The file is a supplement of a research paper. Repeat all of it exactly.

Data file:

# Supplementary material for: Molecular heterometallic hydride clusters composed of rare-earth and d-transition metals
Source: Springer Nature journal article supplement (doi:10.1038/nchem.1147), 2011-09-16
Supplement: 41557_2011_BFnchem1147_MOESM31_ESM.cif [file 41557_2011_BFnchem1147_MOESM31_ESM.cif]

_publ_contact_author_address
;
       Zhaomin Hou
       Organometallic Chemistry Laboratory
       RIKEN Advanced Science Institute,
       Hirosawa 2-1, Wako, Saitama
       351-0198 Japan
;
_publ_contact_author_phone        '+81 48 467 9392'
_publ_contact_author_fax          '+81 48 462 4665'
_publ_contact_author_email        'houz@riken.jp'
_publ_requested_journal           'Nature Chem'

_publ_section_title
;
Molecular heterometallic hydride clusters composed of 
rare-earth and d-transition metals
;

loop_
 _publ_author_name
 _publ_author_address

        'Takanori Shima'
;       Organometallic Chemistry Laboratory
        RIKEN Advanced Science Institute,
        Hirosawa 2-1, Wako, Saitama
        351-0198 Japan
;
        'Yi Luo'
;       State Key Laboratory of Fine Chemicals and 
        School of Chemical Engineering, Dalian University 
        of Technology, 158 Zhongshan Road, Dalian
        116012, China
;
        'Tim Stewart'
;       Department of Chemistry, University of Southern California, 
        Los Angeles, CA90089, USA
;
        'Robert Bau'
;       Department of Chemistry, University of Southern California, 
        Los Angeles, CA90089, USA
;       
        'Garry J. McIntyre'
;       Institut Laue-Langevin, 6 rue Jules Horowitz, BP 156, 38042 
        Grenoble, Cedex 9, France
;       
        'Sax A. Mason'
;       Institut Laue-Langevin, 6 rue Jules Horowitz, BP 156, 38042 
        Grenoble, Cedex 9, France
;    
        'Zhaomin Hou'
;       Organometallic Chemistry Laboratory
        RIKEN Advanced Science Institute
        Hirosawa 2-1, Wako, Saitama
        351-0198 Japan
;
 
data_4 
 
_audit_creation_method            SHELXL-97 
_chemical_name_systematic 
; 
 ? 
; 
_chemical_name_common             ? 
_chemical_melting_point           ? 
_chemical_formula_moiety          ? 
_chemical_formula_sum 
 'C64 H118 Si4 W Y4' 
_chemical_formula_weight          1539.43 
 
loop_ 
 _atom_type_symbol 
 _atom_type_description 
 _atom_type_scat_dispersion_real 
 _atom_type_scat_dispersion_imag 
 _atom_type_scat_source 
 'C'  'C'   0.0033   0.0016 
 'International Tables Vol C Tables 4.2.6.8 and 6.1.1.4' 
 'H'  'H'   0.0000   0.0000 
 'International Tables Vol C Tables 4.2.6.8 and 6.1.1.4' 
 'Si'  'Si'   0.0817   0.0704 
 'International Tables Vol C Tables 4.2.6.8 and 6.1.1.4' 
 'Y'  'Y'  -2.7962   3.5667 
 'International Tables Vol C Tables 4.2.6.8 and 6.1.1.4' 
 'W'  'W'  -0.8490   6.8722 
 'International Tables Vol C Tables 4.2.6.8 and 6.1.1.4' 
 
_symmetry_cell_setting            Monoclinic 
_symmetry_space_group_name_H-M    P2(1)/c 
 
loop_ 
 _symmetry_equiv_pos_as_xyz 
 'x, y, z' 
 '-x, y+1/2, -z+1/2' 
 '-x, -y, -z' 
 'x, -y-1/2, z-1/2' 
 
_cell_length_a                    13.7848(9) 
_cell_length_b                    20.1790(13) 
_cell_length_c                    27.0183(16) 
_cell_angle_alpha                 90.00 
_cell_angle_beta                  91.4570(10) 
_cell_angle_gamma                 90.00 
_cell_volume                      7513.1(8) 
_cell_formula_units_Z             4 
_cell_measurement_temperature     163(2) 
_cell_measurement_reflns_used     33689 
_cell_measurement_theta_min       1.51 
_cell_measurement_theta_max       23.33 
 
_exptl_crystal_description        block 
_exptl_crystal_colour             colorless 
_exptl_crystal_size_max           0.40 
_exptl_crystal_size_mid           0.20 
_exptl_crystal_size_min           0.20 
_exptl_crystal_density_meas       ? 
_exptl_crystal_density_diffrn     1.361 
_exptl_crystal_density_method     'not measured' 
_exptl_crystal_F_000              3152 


# Supplementary material for: Molecular heterometallic hydride clusters composed of rare-earth and d-transition metals
Source: Springer Nature journal article supplement (doi:10.1038/nchem.1147), 2011-09-16
Supplement: 41557_2011_BFnchem1147_MOESM31_ESM.cif [file 41557_2011_BFnchem1147_MOESM31_ESM.cif]

_publ_contact_author_address
;
       Zhaomin Hou
       Organometallic Chemistry Laboratory
       RIKEN Advanced Science Institute,
       Hirosawa 2-1, Wako, Saitama
       351-0198 Japan
;
_publ_contact_author_phone        '+81 48 467 9392'
_publ_contact_author_fax          '+81 48 462 4665'
_publ_contact_author_email        'houz@riken.jp'
_publ_requested_journal           'Nature Chem'

_publ_section_title
;
Molecular heterometallic hydride clusters composed of 
rare-earth and d-transition metals
;

loop_
 _publ_author_name
 _publ_author_address

        'Takanori Shima'
;       Organometallic Chemistry Laboratory
        RIKEN Advanced Science Institute,
        Hirosawa 2-1, Wako, Saitama
        351-0198 Japan
;
        'Yi Luo'
;       State Key Laboratory of Fine Chemicals and 
        School of Chemical Engineering, Dalian University 
        of Technology, 158 Zhongshan Road, Dalian
        116012, China
;
        'Tim Stewart'
;       Department of Chemistry, University of Southern California, 
        Los Angeles, CA90089, USA
;
        'Robert Bau'
;       Department of Chemistry, University of Southern California, 
        Los Angeles, CA90089, USA
;       
        'Garry J. McIntyre'
;       Institut Laue-Langevin, 6 rue Jules Horowitz, BP 156, 38042 
        Grenoble, Cedex 9, France
;       
        'Sax A. Mason'
;       Institut Laue-Langevin, 6 rue Jules Horowitz, BP 156, 38042 
        Grenoble, Cedex 9, France
;    
        'Zhaomin Hou'
;       Organometallic Chemistry Laboratory
        RIKEN Advanced Science Institute
        Hirosawa 2-1, Wako, Saitama
        351-0198 Japan
;
 
data_4 
 
_audit_creation_method            SHELXL-97 
_chemical_name_systematic 
; 
 ? 
; 
_chemical_name_common             ? 
_chemical_melting_point           ? 
_chemical_formula_moiety          ? 
_chemical_formula_sum 
 'C64 H118 Si4 W Y4' 
_chemical_formula_weight          1539.43 
 
loop_ 
 _atom_type_symbol 
 _atom_type_description 
 _atom_type_scat_dispersion_real 
 _atom_type_scat_dispersion_imag 
 _atom_type_scat_source 
 'C'  'C'   0.0033   0.0016 
 'International Tables Vol C Tables 4.2.6.8 and 6.1.1.4' 
 'H'  'H'   0.0000   0.0000 
 'International Tables Vol C Tables 4.2.6.8 and 6.1.1.4' 
 'Si'  'Si'   0.0817   0.0704 
 'International Tables Vol C Tables 4.2.6.8 and 6.1.1.4' 
 'Y'  'Y'  -2.7962   3.5667 
 'International Tables Vol C Tables 4.2.6.8 and 6.1.1.4' 
 'W'  'W'  -0.8490   6.8722 
 'International Tables Vol C Tables 4.2.6.8 and 6.1.1.4' 
 
_symmetry_cell_setting            Monoclinic 
_symmetry_space_group_name_H-M    P2(1)/c 
 
loop_ 
 _symmetry_equiv_pos_as_xyz 
 'x, y, z' 
 '-x, y+1/2, -z+1/2' 
 '-x, -y, -z' 
 'x, -y-1/2, z-1/2' 
 
_cell_length_a                    13.7848(9) 
_cell_length_b                    20.1790(13) 
_cell_length_c                    27.0183(16) 
_cell_angle_alpha                 90.00 
_cell_angle_beta                  91.4570(10) 
_cell_angle_gamma                 90.00 
_cell_volume                      7513.1(8) 
_cell_formula_units_Z             4 
_cell_measurement_temperature     163(2) 
_cell_measurement_reflns_used     33689 
_cell_measurement_theta_min       1.51 
_cell_measurement_theta_max       23.33 
 
_exptl_crystal_description        block 
_exptl_crystal_colour             colorless 
_exptl_crystal_size_max           0.40 
_exptl_crystal_size_mid           0.20 
_exptl_crystal_size_min           0.20 
_exptl_crystal_density_meas       ? 
_exptl_crystal_density_diffrn     1.361 
_exptl_crystal_density_method     'not measured' 
_exptl_crystal_F_000              3152 